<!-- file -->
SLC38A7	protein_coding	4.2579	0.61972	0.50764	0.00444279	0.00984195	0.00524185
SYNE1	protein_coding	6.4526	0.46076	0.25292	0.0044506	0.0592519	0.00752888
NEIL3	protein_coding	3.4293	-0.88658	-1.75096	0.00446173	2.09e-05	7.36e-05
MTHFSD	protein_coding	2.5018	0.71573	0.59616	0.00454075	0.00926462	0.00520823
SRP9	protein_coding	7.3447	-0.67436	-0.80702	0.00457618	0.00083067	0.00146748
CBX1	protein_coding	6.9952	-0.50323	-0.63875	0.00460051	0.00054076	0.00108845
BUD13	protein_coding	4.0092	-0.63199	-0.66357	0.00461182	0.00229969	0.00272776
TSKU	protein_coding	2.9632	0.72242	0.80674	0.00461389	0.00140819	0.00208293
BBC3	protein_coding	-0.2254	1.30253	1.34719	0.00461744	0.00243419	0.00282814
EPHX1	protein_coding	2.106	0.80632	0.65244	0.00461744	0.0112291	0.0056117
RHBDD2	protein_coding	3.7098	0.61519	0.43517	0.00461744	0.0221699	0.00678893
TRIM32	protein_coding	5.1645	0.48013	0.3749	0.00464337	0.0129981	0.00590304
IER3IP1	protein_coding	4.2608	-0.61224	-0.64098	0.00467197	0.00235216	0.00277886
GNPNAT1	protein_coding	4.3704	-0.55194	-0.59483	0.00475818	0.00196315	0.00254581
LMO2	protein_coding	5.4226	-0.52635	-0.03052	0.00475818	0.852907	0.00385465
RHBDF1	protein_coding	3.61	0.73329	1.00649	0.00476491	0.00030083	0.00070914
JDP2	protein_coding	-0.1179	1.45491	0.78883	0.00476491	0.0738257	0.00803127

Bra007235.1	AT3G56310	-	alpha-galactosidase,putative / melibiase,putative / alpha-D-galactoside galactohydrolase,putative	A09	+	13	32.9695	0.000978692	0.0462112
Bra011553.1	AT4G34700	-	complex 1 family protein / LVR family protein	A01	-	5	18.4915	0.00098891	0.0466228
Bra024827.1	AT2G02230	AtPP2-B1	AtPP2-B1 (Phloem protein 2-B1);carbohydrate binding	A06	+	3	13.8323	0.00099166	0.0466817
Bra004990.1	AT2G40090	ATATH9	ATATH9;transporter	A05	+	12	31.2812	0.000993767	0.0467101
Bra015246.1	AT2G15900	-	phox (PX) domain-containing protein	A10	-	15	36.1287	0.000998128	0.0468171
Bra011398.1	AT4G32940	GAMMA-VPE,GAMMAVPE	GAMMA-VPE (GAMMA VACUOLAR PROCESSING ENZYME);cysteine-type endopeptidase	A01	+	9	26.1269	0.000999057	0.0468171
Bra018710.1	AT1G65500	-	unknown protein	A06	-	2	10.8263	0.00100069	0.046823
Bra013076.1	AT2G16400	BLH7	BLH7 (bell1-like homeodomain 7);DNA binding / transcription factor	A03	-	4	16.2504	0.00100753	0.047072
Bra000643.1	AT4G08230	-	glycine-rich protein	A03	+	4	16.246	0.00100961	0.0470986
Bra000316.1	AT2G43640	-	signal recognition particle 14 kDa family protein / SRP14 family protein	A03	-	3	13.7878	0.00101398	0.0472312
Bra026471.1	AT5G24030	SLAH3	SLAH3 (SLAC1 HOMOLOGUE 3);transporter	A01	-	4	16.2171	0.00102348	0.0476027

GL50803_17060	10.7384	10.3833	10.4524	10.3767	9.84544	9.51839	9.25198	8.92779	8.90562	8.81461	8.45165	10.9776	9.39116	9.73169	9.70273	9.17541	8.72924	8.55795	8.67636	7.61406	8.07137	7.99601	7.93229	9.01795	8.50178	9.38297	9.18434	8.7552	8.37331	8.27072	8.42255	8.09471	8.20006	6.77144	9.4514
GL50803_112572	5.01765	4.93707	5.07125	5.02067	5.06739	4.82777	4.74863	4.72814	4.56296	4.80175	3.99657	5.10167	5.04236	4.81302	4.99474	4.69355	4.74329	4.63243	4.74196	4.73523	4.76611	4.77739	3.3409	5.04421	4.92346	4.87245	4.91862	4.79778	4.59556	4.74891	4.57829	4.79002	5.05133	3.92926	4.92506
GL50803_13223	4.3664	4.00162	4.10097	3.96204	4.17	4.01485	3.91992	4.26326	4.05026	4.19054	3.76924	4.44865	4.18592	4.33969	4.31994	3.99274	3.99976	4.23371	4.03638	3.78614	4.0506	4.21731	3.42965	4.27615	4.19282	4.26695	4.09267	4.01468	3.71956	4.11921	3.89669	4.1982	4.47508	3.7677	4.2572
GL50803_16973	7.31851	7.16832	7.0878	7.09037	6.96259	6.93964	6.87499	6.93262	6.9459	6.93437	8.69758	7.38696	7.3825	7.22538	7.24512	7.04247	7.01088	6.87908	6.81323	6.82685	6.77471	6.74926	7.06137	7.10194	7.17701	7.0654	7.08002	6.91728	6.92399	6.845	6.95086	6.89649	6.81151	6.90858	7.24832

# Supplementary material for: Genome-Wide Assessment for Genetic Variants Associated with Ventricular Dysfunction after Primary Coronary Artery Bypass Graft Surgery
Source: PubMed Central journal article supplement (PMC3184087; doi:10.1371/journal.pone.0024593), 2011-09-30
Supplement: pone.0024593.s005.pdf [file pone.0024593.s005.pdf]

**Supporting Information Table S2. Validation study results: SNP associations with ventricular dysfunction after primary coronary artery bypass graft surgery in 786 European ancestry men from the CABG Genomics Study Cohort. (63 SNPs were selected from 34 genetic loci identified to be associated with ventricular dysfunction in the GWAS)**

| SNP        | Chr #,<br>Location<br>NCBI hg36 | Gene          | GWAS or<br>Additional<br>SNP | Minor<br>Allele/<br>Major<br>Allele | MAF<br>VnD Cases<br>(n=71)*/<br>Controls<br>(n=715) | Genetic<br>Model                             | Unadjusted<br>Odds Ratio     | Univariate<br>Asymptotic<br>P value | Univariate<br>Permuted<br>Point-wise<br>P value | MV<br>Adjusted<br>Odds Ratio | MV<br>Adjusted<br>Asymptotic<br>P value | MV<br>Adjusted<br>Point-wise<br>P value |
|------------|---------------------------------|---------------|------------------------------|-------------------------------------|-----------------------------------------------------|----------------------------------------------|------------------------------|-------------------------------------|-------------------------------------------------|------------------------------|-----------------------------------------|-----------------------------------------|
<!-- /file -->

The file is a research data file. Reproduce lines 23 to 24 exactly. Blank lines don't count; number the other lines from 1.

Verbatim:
Bra011398.1	AT4G32940	GAMMA-VPE,GAMMAVPE	GAMMA-VPE (GAMMA VACUOLAR PROCESSING ENZYME);cysteine-type endopeptidase	A01	+	9	26.1269	0.000999057	0.0468171
Bra018710.1	AT1G65500	-	unknown protein	A06	-	2	10.8263	0.00100069	0.046823